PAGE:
I have a little makeshift home gym in my basement. I went down there a few days ago, planning to listen to the Creighton Bluejays basketball game on the radio while exercising. I turned on my little battery-powered radio, and dialed the usual frequency (it was not a digital tuner, but one with a simple dial and an arrow). However, all I heard was static. No matter how much I turned up the volume, I could not hear the announcer’s voice. Then I found I had to fine-tune the frequency – to listen for intelligible words as I gently rotated the dial just a smidgen. Then the game came in loud and clear.
This is what I believe the Scripture passages are telling us today – not so much about listening as about fine-tuning.
In the first reading, we hear that the Lord says: “Listen to my voice; then I will be your God and you shall be my people.” Then we hear: “This is the nation that does not listen to the voice of the Lord, its God . . . “
In the Gospel passage, Jesus drives out a demon in a mute man, giving him a voice. When the healed man speaks, though, some of the crowd claims that Jesus does His work by the power of Beelzebul. They were clearly not tuned in to Jesus’ message; had they been, they would not have drawn the wrong conclusion from merely watching Jesus’ actions from a distance.
I believe that Jeremiah and Jesus are trying to give us the same message: to fine-tune our hearts and minds during this Lenten season.
Just like I had to gently “tweak” the dial to fine-tune the frequency, so must we gently “tweak” our daily lives. That’s why Lenten observances, though they may seem petty and out of date to some, are so important: They are changes to our normal daily habits. They are little attempts to fine-tune our ears so that the voice of the Lord may come through loud and clear.
So how do we know when we are dialed in to the right frequency? First, we can easily differentiate static from an intelligible voice. It is so easy to simply bask in the static of our everyday lives. Many of us do this every day, as we putter around the house with the television droning on in the background. Many of us also have all kinds of domestic details bouncing endlessly around in our heads. These day-to-day details are important and necessary, but do we also take a little time out each day to tune them out and tune the Lord in?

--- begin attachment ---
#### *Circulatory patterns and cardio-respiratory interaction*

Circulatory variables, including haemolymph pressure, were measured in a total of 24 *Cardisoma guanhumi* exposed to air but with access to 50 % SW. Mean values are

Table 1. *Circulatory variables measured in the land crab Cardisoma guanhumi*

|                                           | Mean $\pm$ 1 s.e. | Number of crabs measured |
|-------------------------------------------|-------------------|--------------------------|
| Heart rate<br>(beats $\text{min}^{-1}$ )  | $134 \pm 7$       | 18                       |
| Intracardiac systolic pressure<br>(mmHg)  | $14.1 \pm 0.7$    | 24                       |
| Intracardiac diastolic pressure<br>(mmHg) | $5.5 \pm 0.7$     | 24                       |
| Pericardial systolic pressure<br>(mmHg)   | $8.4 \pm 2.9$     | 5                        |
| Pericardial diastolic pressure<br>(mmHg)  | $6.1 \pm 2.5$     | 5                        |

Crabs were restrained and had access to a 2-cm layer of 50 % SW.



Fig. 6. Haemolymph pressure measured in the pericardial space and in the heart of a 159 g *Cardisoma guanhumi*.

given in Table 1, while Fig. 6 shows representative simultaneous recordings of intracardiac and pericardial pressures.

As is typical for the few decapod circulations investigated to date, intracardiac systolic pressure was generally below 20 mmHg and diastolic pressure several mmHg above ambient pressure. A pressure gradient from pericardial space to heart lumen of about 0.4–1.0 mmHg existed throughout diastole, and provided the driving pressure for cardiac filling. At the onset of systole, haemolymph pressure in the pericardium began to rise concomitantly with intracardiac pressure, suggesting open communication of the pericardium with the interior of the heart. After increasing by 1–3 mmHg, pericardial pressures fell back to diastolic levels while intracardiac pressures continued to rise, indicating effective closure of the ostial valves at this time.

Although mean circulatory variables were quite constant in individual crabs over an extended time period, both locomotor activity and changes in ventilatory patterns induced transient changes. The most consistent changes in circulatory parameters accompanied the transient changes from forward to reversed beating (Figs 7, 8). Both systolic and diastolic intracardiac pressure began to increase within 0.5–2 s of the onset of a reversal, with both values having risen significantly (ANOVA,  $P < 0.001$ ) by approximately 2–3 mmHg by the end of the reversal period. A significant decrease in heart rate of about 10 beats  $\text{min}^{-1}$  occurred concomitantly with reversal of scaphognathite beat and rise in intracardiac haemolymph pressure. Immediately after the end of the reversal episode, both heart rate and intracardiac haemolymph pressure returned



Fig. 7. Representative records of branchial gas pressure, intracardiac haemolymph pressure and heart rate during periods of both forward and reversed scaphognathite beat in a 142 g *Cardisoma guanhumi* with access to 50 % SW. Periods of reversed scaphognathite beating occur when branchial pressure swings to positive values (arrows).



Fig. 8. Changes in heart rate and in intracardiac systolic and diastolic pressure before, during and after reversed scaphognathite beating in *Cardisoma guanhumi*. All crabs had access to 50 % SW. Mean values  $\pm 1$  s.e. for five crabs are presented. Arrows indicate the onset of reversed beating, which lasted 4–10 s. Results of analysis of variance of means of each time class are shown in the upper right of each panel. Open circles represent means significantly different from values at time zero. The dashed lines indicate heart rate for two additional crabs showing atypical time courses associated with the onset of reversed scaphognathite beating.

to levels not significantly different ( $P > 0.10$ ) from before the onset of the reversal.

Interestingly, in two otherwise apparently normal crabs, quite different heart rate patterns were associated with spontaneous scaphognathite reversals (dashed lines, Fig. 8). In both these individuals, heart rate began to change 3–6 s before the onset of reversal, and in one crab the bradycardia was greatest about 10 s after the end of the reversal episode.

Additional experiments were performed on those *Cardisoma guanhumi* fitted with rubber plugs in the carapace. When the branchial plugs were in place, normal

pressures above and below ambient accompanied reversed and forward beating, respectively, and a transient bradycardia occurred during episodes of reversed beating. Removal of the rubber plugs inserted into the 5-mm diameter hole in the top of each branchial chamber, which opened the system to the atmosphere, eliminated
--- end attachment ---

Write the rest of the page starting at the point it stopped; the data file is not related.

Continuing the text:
Once we have dialed away the static, do the words describe the action we came to hear? Notice I did not say “want to hear.” This is an important distinction – the real action versus the desired outcome. When we tune our radios to hear our favorite sports teams in action, we do not always get to hear about them winning. Sometimes they lose. If we are true fans, we still listen anyway – they are our teams, and we are their fans.
This is what drove Jeremiah nuts: the people listened to prophets only if they told them what they wanted to hear. If the prophets told them something they did not want to hear, the people tuned them out. They did not “listen.”
So this is a great opportunity for us to take a look at our Lenten observances. Are they helping us tune in to the voice of the Lord? If not, it may be time to tweak them a little. Don’t give them up, maybe nudge them one direction or another until the voice of the Lord comes through loud and clear.
And when we are tuned in, are we in it until the final buzzer, win or lose?
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